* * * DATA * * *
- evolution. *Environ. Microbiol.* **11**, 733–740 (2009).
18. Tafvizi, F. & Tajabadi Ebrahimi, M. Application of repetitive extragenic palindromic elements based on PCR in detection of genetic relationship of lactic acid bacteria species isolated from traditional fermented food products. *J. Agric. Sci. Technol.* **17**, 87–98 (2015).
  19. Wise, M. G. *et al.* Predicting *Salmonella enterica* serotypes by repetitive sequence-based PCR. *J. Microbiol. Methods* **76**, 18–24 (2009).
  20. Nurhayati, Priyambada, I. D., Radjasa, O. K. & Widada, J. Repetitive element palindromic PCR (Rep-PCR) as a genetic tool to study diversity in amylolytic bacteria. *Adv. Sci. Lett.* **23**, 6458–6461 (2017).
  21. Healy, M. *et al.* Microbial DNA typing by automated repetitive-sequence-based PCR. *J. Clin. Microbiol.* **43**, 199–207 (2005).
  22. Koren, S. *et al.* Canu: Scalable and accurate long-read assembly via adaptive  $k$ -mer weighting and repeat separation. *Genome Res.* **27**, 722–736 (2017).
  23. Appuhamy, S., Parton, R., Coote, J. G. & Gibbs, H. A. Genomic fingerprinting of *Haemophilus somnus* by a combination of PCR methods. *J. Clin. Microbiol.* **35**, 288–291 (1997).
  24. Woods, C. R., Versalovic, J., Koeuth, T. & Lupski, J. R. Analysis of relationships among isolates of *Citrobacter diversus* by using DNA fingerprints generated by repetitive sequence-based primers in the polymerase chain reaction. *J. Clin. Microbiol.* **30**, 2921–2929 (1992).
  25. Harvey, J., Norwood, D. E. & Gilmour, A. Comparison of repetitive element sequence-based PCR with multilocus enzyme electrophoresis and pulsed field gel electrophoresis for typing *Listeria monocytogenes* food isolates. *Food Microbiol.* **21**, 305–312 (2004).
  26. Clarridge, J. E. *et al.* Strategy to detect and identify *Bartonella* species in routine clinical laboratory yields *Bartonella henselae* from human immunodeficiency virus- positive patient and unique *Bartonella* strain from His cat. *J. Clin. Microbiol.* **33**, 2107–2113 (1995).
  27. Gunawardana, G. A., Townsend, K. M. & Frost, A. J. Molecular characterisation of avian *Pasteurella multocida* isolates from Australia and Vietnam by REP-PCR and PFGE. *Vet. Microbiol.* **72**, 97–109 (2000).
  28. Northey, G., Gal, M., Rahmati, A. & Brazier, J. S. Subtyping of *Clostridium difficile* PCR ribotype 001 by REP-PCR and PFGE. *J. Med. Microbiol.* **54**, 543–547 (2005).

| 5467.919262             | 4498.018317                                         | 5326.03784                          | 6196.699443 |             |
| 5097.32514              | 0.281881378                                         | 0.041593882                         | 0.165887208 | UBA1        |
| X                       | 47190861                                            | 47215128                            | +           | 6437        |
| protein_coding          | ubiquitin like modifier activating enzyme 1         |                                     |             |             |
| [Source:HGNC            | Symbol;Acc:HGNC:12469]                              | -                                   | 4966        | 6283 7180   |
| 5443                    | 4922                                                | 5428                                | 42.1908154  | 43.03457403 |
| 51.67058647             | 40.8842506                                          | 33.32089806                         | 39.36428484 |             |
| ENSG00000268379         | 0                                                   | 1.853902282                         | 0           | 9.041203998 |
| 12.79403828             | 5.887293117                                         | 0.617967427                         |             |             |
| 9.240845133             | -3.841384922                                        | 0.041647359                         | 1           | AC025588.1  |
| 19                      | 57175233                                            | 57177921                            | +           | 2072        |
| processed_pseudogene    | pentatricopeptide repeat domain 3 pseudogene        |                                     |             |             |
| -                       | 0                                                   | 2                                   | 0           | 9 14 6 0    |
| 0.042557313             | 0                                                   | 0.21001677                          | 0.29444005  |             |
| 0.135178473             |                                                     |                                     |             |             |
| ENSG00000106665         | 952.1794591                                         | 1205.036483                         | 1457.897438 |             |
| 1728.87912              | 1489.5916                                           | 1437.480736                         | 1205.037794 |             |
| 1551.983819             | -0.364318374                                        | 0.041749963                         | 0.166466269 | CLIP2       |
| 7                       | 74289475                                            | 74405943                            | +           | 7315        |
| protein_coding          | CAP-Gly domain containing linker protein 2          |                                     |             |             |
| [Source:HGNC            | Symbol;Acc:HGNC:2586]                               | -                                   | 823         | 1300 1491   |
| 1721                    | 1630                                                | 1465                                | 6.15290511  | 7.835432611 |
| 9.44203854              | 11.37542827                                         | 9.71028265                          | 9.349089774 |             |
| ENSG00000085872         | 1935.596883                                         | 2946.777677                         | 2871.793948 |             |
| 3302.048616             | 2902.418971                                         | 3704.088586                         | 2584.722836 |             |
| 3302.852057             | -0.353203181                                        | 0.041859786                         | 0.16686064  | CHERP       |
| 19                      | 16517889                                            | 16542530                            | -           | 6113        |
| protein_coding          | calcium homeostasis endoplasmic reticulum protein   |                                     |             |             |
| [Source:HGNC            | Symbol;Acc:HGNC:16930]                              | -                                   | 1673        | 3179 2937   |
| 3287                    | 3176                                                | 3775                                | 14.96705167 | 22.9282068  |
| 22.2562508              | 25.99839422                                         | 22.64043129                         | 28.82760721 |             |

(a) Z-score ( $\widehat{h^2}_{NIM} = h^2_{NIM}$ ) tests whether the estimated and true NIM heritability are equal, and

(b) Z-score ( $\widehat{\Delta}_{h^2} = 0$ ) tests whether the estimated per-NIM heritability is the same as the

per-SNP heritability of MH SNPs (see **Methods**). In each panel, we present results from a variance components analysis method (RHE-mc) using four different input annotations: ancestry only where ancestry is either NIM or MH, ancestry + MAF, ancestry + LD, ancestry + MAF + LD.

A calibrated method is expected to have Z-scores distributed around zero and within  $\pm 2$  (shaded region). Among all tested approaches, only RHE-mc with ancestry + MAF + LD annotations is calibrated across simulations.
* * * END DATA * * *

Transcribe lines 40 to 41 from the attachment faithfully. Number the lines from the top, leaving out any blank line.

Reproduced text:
| protein_coding          | calcium homeostasis endoplasmic reticulum protein   |                                     |             |             |
| [Source:HGNC            | Symbol;Acc:HGNC:16930]                              | -                                   | 1673        | 3179 2937   |